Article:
The Structure of Genetic and Environmental Risk Factors for Common Psychiatric and Substance Use Disorders in Men and Women

Virginia Institute for Psychiatry and Behavioral Genetics and the Department of Psychiatry, Medical College of Virginia, Virginia Commonwealth University, Richmond 23298-0126, USA.
Archives of General Psychiatry (Impact Factor: 14.48). 10/2003; 60(9):929-37. DOI: 10.1001/archpsyc.60.9.929
Source: PubMed


Patterns of comorbidity suggest that the common psychiatric and substance use syndromes may be divisible into 2 broad groups of internalizing and externalizing disorders. We do not know how genetic and environmental risk factors contribute to this pattern of comorbidity or whether the etiologic structure of these groups differ in men and women.
Lifetime diagnoses for 10 psychiatric syndromes were obtained at a personal interview in more than 5600 members of male-male and female-female twin pairs ascertained from a population-based registry. Multivariate twin modeling was performed using the program Mx.
We first fit models to the following 7 syndromes: major depression, generalized anxiety disorder, phobia, alcohol dependence, drug abuse/dependence, adult antisocial behavior, and conduct disorder. The full model, which could be constrained to equality in male and female subjects, identified 2 genetic factors. The first had strongest loadings on alcohol dependence, drug abuse/dependence, adult antisocial behavior, and conduct disorder; the second, on major depression, generalized anxiety disorder, and phobia. Alcohol dependence and drug abuse/dependence had substantial disorder-specific genetic risk factors. Shared environmental factors were most pronounced for conduct disorder and adult antisocial behavior. No clear internalizing/externalizing structure was seen for the unique environmental common factors. We then fit models to 5 internalizing syndromes. The full model, which could also be constrained to equality in men and women, revealed one genetic factor loading most heavily on major depression and generalized anxiety disorder and another loading most strongly on animal and situational phobia.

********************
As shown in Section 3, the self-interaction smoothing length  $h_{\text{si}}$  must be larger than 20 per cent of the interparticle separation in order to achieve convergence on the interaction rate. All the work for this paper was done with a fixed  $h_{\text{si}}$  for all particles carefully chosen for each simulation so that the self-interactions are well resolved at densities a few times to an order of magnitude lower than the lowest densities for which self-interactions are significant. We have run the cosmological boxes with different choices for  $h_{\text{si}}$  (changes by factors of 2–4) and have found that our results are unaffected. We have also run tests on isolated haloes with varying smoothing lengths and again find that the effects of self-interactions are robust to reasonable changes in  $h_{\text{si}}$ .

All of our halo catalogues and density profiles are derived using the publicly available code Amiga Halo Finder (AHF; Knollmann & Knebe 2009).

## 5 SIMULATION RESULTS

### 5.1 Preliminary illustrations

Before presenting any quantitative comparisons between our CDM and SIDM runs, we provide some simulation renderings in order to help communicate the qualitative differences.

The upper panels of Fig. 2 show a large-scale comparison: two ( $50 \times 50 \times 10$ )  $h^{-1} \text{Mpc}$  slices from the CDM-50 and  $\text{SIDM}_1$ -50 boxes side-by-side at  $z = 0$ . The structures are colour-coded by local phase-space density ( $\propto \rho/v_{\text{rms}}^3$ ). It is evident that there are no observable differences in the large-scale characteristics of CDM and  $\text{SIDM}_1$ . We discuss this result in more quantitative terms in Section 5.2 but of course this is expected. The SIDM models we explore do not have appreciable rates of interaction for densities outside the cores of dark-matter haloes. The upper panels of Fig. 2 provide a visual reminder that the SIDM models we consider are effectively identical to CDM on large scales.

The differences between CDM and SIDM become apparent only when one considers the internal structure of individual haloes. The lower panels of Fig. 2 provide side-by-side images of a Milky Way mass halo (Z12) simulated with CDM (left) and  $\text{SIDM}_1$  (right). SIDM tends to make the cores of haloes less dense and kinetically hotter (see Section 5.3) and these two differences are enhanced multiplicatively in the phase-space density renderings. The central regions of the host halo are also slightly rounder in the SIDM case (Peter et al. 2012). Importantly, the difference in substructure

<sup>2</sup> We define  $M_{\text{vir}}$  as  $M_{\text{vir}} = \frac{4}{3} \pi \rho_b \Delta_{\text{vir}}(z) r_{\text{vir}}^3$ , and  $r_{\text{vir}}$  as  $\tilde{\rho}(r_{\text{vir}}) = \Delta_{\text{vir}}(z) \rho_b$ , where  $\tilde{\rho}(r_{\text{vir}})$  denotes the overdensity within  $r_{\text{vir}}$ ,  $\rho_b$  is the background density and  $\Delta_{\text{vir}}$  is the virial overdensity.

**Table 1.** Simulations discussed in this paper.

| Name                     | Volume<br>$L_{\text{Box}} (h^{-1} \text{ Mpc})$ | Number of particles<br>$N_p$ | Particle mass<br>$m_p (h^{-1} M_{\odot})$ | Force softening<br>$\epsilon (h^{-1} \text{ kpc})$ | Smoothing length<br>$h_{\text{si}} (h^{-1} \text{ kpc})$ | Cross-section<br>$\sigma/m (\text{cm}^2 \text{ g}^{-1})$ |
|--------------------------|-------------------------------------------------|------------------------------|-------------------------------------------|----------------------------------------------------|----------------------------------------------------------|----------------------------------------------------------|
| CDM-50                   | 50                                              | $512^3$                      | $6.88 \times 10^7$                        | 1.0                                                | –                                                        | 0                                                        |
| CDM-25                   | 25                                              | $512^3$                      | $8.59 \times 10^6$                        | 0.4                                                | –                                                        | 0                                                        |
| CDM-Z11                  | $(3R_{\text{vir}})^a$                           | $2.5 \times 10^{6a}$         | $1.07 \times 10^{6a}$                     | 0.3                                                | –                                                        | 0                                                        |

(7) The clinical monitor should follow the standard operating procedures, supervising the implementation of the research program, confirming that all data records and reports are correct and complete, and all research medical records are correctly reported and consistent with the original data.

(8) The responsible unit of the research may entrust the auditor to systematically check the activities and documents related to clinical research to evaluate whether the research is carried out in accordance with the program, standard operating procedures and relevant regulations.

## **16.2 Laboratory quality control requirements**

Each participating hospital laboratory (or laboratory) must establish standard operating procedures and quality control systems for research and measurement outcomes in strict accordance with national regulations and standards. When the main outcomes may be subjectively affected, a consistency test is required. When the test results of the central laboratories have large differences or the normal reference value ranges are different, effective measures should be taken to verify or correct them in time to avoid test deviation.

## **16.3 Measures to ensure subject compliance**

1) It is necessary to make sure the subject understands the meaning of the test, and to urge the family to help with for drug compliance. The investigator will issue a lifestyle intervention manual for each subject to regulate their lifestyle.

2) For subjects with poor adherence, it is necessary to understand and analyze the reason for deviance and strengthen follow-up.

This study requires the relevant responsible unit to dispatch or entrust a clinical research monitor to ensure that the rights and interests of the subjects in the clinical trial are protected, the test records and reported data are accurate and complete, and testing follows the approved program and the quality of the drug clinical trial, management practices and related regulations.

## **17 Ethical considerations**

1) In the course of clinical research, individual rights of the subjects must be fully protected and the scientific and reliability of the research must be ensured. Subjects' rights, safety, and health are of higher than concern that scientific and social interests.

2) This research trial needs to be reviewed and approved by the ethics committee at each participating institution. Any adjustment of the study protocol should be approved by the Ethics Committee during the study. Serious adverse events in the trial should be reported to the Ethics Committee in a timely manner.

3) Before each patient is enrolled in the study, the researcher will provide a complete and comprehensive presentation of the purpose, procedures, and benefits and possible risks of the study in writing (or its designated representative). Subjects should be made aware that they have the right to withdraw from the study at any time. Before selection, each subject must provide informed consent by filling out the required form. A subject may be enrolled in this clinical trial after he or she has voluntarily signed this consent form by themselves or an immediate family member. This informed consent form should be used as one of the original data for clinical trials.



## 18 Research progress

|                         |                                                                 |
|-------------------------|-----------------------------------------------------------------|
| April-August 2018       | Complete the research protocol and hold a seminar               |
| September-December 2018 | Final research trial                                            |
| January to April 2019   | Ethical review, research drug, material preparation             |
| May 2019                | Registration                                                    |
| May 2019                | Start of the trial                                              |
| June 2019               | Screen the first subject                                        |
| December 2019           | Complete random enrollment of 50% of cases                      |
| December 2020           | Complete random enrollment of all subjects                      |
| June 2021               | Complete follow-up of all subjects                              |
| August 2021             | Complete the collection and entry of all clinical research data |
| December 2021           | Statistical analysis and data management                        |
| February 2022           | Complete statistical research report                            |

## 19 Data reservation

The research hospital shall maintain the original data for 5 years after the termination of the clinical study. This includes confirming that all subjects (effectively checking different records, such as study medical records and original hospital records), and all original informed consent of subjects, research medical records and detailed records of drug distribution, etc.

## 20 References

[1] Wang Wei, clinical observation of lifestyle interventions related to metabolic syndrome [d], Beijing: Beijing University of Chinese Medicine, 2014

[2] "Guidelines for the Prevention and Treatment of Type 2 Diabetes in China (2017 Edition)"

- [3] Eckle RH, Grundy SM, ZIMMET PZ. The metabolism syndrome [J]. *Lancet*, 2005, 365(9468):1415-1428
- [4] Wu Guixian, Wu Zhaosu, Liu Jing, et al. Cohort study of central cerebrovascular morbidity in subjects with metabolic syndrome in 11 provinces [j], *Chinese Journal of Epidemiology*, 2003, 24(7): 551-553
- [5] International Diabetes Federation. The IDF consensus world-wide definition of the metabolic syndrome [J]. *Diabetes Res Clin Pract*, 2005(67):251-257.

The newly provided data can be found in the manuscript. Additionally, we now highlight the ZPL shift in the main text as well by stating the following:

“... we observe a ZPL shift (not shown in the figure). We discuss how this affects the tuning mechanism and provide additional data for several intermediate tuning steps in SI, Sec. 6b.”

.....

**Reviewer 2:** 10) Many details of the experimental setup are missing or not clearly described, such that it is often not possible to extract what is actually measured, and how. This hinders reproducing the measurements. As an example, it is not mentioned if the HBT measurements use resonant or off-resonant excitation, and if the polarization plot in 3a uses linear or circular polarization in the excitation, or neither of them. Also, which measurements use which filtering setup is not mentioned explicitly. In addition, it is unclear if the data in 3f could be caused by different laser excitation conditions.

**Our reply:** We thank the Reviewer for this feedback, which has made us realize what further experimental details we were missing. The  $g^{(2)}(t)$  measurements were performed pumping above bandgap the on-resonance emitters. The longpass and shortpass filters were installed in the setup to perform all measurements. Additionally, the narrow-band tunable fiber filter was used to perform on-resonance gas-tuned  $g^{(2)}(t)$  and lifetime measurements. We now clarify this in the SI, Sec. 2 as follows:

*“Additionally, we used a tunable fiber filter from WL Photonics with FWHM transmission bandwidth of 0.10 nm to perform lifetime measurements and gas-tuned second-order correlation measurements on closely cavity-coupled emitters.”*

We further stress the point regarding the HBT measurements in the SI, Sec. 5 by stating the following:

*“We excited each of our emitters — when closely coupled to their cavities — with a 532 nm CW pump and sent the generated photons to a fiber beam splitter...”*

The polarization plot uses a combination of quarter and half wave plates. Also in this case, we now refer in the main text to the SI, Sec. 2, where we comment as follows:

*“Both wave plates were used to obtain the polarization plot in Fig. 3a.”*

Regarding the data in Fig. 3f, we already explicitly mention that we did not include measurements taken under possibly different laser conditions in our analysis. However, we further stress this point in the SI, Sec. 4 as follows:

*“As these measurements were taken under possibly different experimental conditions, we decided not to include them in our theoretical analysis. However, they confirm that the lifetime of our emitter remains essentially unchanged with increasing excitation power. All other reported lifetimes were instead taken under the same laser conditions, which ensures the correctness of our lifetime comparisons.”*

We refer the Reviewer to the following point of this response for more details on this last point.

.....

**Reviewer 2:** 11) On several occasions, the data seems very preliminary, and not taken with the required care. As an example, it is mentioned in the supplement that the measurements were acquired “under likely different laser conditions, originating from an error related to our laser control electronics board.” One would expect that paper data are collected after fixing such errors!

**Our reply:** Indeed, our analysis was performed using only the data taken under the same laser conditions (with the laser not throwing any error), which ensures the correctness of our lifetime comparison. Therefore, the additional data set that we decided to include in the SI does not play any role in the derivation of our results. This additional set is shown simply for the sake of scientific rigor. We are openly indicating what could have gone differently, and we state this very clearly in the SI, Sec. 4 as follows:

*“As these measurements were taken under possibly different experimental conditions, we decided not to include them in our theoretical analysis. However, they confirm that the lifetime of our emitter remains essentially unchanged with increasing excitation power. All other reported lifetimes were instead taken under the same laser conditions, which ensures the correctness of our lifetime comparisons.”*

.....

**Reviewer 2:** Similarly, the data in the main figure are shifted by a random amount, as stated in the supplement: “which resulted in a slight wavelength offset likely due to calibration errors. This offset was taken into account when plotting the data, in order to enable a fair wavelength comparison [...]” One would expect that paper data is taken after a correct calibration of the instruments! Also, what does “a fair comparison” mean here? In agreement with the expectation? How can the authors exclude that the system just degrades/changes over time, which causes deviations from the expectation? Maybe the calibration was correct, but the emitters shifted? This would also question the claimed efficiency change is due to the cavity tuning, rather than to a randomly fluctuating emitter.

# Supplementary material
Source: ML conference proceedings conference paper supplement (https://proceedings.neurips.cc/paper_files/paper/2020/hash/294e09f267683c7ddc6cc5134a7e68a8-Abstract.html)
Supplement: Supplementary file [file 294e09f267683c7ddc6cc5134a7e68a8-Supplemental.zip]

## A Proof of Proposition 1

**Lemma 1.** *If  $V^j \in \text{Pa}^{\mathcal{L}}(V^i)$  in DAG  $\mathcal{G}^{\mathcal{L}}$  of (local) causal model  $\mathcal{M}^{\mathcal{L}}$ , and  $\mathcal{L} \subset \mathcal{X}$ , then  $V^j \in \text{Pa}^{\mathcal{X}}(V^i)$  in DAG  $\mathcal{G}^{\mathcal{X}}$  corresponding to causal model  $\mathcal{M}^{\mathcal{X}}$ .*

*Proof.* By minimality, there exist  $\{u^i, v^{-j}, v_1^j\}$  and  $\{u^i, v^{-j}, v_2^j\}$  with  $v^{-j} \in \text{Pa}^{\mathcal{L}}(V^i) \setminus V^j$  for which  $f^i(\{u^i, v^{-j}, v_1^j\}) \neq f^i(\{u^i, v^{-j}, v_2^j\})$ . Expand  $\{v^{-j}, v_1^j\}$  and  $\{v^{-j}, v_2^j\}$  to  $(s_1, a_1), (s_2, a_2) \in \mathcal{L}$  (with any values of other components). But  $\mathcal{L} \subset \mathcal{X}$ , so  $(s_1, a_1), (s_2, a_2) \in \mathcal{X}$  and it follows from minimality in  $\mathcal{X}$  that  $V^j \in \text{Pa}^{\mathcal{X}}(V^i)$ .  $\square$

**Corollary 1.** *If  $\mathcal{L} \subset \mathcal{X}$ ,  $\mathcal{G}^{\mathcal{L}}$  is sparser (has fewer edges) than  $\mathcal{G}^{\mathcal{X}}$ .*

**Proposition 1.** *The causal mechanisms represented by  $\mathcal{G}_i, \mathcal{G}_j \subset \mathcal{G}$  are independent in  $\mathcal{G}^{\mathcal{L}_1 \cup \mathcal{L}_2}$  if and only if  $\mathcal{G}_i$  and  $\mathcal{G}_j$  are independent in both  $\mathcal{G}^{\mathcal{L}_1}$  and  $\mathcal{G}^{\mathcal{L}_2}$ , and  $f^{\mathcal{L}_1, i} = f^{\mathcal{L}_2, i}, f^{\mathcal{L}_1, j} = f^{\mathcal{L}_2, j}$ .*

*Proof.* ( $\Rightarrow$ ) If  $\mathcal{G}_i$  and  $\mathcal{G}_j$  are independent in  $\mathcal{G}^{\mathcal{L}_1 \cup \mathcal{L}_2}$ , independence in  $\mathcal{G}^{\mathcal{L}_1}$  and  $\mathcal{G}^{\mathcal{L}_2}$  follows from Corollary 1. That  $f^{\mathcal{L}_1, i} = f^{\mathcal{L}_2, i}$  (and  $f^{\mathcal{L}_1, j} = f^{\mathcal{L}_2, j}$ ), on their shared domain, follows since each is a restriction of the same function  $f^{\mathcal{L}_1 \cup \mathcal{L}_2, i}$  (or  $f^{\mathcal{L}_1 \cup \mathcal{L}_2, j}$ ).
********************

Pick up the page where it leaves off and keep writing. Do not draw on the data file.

The underlying structure of the genetic and environmental risk factors for the common psychiatric and drug abuse disorders in men and women is very similar. Genetic risk factors predispose to 2 broad groups of internalizing and externalizing disorders. Within the internalizing disorders, 2 genetic factors are seen that predispose to disorders dominated by anxious-misery and fear. Substance use disorders have disorder-specific genetic risks. The externalizing disorders of conduct disorder and adult antisocial behavior are significantly influenced by the shared environment. The pattern of lifetime comorbidity of common psychiatric and substance use disorders results largely from the effects of genetic risk factors.

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Available from: Michael C Neale, Oct 13, 2015
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    • "However, apart from the protective effects associated with polymorphisms in the genes encoding the alcohol-metabolizing enzymes, alcohol dehydrogenase and acetaldehyde dehydrogenase , no other robust or replicable findings have been identified. Alcohol dependence frequently co-occurs with psychiatric disorders and drug dependence (Deegenhardt et al., 2001; Wagner and Anthony, 2002; Kendler et al., 2003), as well as with alcohol-related comorbidities such as liver injury. All of these phenotypic traits are likely influenced by genotype and hence act as confounders in genetic studies on alcohol dependence (Tian et al., 2010; Edwards et al., 2012; Sharp et al., 2014). "
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    ABSTRACT: Background: The interpretation of genetic studies on alcohol dependence may be confounded by the co-occurrence of substance dependence, psychiatric disorders and alcohol-related comorbidities, for example, cirrhosis. Significant single-marker and haplotypic associations between polymorphisms in the zinc finger gene, ZNF699, and alcohol dependence were reported in the Irish Affected Sib Pair Study of Alcohol Dependence population, of whom one-third had co-occurring substance dependence and 80% had identified psychiatric comorbidity. The aim of this study was to explore variant ZNF699 associations with alcohol dependence while exercising controls for potential confounders. Methods: The study population was comprised of 1449 alcohol-dependent cases and 1283 population controls; all were of British or Irish ancestry. None of the cases had a history of dependence on other substances, and the frequency of comorbid depression was low. A separate, ancestry-matched cohort of 196 opioid-dependent cases was also included. Genotyping for the four previously identified SNPs of interest in ZNF699 was performed using K-Biosciences Competitive Allele Specific PCR. Results: No single-marker associations were found between polymorphisms in ZNF699 and alcohol dependence per se. A significant allelic association was found between rs7254880 in ZNF699 and alcohol-related cirrhosis (n=292), using cases with no biopsy evidence of liver disease (n=314) as controls (P=0.013). Significant allelic associations were also found between rs12460279 (P=0.028), rs7252865 (P=0.012) and rs10854142 (P=0.016) in ZNF699 and opioid dependence. Conclusion: Phenotypic variation in study populations may contribute towards the nonreplication of genetic association studies on alcohol dependence; controls for recognised confounding variables should be exercised whenever possible.